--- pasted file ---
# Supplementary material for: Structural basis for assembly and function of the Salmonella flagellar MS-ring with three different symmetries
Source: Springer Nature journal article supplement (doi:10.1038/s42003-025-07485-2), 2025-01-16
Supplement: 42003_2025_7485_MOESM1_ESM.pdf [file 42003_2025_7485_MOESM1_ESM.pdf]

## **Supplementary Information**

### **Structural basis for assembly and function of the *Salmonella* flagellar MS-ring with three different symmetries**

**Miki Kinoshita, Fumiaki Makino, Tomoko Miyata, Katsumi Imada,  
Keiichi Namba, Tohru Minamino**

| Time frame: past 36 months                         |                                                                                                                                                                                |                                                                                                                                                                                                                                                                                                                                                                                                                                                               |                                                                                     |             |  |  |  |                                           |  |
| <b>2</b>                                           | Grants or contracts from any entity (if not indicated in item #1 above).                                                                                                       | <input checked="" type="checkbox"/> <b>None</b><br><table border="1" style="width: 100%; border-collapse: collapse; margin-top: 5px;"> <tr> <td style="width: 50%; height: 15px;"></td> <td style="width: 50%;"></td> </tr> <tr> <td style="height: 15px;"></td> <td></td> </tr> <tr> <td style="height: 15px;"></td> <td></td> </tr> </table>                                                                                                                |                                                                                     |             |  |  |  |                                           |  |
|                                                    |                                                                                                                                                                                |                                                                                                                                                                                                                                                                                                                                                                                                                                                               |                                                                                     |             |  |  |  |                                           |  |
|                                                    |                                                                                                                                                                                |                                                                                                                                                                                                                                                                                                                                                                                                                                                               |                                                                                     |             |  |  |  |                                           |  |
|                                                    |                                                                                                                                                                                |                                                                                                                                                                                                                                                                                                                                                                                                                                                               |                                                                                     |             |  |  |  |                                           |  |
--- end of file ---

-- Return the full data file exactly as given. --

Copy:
# Supplementary material for: Structural basis for assembly and function of the Salmonella flagellar MS-ring with three different symmetries
Source: Springer Nature journal article supplement (doi:10.1038/s42003-025-07485-2), 2025-01-16
Supplement: 42003_2025_7485_MOESM1_ESM.pdf [file 42003_2025_7485_MOESM1_ESM.pdf]

## **Supplementary Information**

### **Structural basis for assembly and function of the *Salmonella* flagellar MS-ring with three different symmetries**

**Miki Kinoshita, Fumiaki Makino, Tomoko Miyata, Katsumi Imada,  
Keiichi Namba, Tohru Minamino**

| Time frame: past 36 months                         |                                                                                                                                                                                |                                                                                                                                                                                                                                                                                                                                                                                                                                                               |                                                                                     |             |  |  |  |                                           |  |
| <b>2</b>                                           | Grants or contracts from any entity (if not indicated in item #1 above).                                                                                                       | <input checked="" type="checkbox"/> <b>None</b><br><table border="1" style="width: 100%; border-collapse: collapse; margin-top: 5px;"> <tr> <td style="width: 50%; height: 15px;"></td> <td style="width: 50%;"></td> </tr> <tr> <td style="height: 15px;"></td> <td></td> </tr> <tr> <td style="height: 15px;"></td> <td></td> </tr> </table>                                                                                                                |                                                                                     |             |  |  |  |                                           |  |
|                                                    |                                                                                                                                                                                |                                                                                                                                                                                                                                                                                                                                                                                                                                                               |                                                                                     |             |  |  |  |                                           |  |
|                                                    |                                                                                                                                                                                |                                                                                                                                                                                                                                                                                                                                                                                                                                                               |                                                                                     |             |  |  |  |                                           |  |
|                                                    |                                                                                                                                                                                |                                                                                                                                                                                                                                                                                                                                                                                                                                                               |                                                                                     |             |  |  |  |                                           |  |